Saturday 2 November 2019

Is there a difference between God-without and God-within? Yes, and this is the basis of our participation in creation

In the classical theology of mainstream Christianity; God outside of us is 'transcendent' and God inside us is 'immanent' (in the sense that God is in all of creation) - so they are 'the same thing'. This seems to imply that if we have one, then we did not need the other - and that having both God-without and God-within is redundant.

Traditionally - from the early days of a church - this was interpreted to mean that God would come to the Christian primarily from outside; the revelation was interpreted by the church and given to the follower. Later, from the Reformation (with the Quakers as an extreme version); God-within was given primacy. But both extremes share the understanding that both inner and outer God are the same - because God is a unity.

However, the pluralistic theology which I believe holds that God inside us includes our own unique and eternal self - which has been, has existed, eternally - as well as that divinity we have from the creator as consequence of being a child of God. Whereas God outside does not have our-own self in it.

So God-without and God-within are distinct, and both are necessary*.

God-without is generic, and applies to all Men - indeed to all creation: this makes us a part of God's destiny and all of Men our brothers and sisters.

God-within is what makes each of us a child of God, and makes God a matter of concern to each of us individually and personally.

We need both God-within and God-without if God's creation is to be both universal and specific.

And therefore revelation has both external and internal aspects. There is a universal revelation and a personal revelation possible - and both are necessary.

In navigating our way through life - we need both inner and outer God. It is the meeting of inner and outer that defines our own path, distinct from the path of any and every other person - but equally God-given.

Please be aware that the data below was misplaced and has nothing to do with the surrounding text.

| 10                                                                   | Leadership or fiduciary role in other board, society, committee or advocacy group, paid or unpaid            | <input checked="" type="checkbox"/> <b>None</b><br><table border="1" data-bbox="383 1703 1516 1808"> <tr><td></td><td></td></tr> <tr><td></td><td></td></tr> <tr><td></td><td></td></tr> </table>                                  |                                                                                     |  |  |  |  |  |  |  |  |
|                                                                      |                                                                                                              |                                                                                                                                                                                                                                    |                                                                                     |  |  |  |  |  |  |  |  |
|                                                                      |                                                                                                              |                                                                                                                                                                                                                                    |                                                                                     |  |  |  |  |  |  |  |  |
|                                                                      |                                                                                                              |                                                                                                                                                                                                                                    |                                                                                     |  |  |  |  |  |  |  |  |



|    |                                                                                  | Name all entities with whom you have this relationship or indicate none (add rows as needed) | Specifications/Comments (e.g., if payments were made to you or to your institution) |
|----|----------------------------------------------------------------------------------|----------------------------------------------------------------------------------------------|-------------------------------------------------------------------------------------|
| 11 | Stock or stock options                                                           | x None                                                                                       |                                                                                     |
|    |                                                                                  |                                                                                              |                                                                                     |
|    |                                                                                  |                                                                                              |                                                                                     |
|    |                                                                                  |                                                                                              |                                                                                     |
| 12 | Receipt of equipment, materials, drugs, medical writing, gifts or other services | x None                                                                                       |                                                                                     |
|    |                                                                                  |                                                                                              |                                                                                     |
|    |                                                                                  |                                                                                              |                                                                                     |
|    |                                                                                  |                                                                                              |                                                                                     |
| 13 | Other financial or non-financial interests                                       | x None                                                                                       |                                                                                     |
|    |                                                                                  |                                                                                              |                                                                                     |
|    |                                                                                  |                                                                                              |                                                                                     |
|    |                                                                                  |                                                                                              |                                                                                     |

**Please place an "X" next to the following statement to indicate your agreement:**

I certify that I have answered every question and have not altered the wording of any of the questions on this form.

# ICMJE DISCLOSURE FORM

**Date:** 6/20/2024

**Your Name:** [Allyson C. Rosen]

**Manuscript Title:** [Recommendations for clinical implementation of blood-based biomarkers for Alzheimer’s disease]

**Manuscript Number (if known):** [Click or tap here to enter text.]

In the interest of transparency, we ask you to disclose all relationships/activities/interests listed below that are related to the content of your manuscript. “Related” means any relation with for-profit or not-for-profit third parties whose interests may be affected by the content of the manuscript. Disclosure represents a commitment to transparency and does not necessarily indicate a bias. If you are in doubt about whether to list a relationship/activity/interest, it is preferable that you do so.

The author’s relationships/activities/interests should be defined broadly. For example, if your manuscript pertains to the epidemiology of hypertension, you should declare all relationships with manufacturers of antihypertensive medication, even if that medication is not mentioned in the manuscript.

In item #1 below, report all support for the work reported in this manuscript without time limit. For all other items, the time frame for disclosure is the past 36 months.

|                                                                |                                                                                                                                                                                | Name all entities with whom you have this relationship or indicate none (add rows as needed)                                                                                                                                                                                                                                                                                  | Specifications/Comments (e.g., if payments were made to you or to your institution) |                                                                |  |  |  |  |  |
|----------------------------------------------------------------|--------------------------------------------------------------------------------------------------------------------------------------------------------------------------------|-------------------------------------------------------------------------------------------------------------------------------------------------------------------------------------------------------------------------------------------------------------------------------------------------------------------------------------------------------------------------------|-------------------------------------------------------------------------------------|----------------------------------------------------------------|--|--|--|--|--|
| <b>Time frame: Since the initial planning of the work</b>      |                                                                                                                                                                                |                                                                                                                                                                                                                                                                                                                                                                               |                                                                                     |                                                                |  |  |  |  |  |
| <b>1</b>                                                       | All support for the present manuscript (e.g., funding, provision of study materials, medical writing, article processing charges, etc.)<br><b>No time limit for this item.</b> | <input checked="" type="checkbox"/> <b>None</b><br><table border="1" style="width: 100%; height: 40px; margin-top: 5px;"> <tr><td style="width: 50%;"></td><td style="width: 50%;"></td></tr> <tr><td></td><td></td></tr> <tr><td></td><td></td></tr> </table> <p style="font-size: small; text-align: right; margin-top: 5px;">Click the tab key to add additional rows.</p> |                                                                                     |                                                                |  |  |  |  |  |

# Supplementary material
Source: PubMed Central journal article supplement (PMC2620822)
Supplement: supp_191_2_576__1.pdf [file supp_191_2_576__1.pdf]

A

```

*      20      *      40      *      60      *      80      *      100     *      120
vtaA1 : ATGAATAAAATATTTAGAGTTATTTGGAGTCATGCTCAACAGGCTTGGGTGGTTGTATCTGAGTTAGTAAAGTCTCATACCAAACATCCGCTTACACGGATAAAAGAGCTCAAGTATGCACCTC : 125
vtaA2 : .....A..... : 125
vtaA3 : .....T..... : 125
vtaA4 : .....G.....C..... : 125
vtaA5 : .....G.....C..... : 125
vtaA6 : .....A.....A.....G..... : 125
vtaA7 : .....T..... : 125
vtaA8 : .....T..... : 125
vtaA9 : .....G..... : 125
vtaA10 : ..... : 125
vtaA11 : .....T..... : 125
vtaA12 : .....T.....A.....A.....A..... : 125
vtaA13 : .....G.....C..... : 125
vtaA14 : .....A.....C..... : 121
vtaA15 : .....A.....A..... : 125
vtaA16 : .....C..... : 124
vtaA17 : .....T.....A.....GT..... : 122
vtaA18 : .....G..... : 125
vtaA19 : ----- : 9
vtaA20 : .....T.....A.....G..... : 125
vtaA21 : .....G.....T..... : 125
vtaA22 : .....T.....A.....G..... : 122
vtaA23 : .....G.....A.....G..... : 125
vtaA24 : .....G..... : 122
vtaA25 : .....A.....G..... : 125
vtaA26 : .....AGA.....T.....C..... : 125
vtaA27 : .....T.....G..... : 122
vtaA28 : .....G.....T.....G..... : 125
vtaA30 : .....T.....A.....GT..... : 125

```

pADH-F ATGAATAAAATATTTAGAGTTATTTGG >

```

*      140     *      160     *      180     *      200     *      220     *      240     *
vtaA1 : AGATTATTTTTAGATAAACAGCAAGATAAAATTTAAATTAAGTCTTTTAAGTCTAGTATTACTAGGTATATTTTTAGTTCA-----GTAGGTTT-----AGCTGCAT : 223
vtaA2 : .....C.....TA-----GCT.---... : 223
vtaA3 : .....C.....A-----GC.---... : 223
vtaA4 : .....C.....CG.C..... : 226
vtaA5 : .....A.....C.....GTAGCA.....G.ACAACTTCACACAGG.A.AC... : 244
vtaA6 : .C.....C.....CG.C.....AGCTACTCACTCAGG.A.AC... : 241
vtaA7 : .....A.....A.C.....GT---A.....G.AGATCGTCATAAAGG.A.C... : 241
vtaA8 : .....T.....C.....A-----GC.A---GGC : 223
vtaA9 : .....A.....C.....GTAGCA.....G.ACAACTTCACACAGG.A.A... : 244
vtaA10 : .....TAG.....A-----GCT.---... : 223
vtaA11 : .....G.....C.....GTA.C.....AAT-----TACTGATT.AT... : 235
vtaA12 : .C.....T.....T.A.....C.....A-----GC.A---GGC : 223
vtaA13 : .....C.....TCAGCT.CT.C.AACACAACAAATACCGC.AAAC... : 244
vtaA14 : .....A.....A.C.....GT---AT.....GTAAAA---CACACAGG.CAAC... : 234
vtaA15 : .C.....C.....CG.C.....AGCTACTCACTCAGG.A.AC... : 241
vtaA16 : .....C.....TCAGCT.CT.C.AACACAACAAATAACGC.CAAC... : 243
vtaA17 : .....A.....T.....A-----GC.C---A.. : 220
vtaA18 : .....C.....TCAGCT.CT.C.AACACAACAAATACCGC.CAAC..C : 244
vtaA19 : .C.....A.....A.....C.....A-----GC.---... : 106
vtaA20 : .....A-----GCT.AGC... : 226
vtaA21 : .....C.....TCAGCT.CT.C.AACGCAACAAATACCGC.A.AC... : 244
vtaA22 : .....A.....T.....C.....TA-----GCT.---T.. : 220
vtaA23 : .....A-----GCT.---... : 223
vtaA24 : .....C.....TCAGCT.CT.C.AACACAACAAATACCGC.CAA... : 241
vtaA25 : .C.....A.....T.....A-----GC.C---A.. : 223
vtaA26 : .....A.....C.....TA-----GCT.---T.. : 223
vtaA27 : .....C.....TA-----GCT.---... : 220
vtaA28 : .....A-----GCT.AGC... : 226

It is the interaction of God-within and God-without that enables Men to become gods: in other words enables Men to participate in creation. It is love - between each Man and God and between Men - that makes the interaction of internal and external divine sources an harmonious interaction; each a positive and mutually-reinforcing contribution to creation.

(This is one reason why love is fundamental to Christianity - love is the cohesion of creation.) 

And it is the meeting of inner and outer - which differ - that is the basis of our participation in creation. When we became God's children, it became possible for us to join with God in the ongoing work of creation - precisely because we each bring something unique and distinctive and potentially valuable to creation.

God-within is unique, and yet also includes God as consequence of being a child of God; this is how we can make a contribution to the creation which was begun only by God; but continues with the participation of newly made gods.

These newly made gods were men and women always with some divine nature, but able to develop to become fully-divine in nature.

It is because men and women were not wholly made by God, but instead each have something eternal which existed before we were made children of God, that we are unique Beings, and able to become gods - of the same kind as our Heavenly Parents and Jesus Christ.

*(God is not, therefore, a unity. God is, in the first place, a Heavenly Mother and Father; and later included Jesus who began as a Man and became fully divine. Because of the work of Jesus, potentially all Men could become divine - although in practice not all Men make this choice.)

Note: the above is an interpretation of Mormon theology, which I have also discussed further in my mini-book Speculations of a Theoretical Mormon from five years ago.


Wm Jas Tychonievich said...

Who, then, is Our Father? Is he the God-without? No, for then he would not be fully personal. He, too, is a God-within (Atman), in perfect harmony with the God-without (Brahma) but not identical with it. He is, as Joseph Smith says somewhere, “the greatest of all the parts of God.”

Bruce Charlton said...

I don't understand your premise that God without cannot be fully personal. Why not?

Jared said...

I thought this post was right on, Bruce. I really appreciated the analysis of LDS theology implied in the God-within and the God-without.
Thank you.

Bruce Charlton said...

Thanks Jared.

Wm Jas Tychonievich said...

Bruce, I need to give this whole question further thought before I can answer that question. What I have said feels intuitively true to me, but I need to think about why.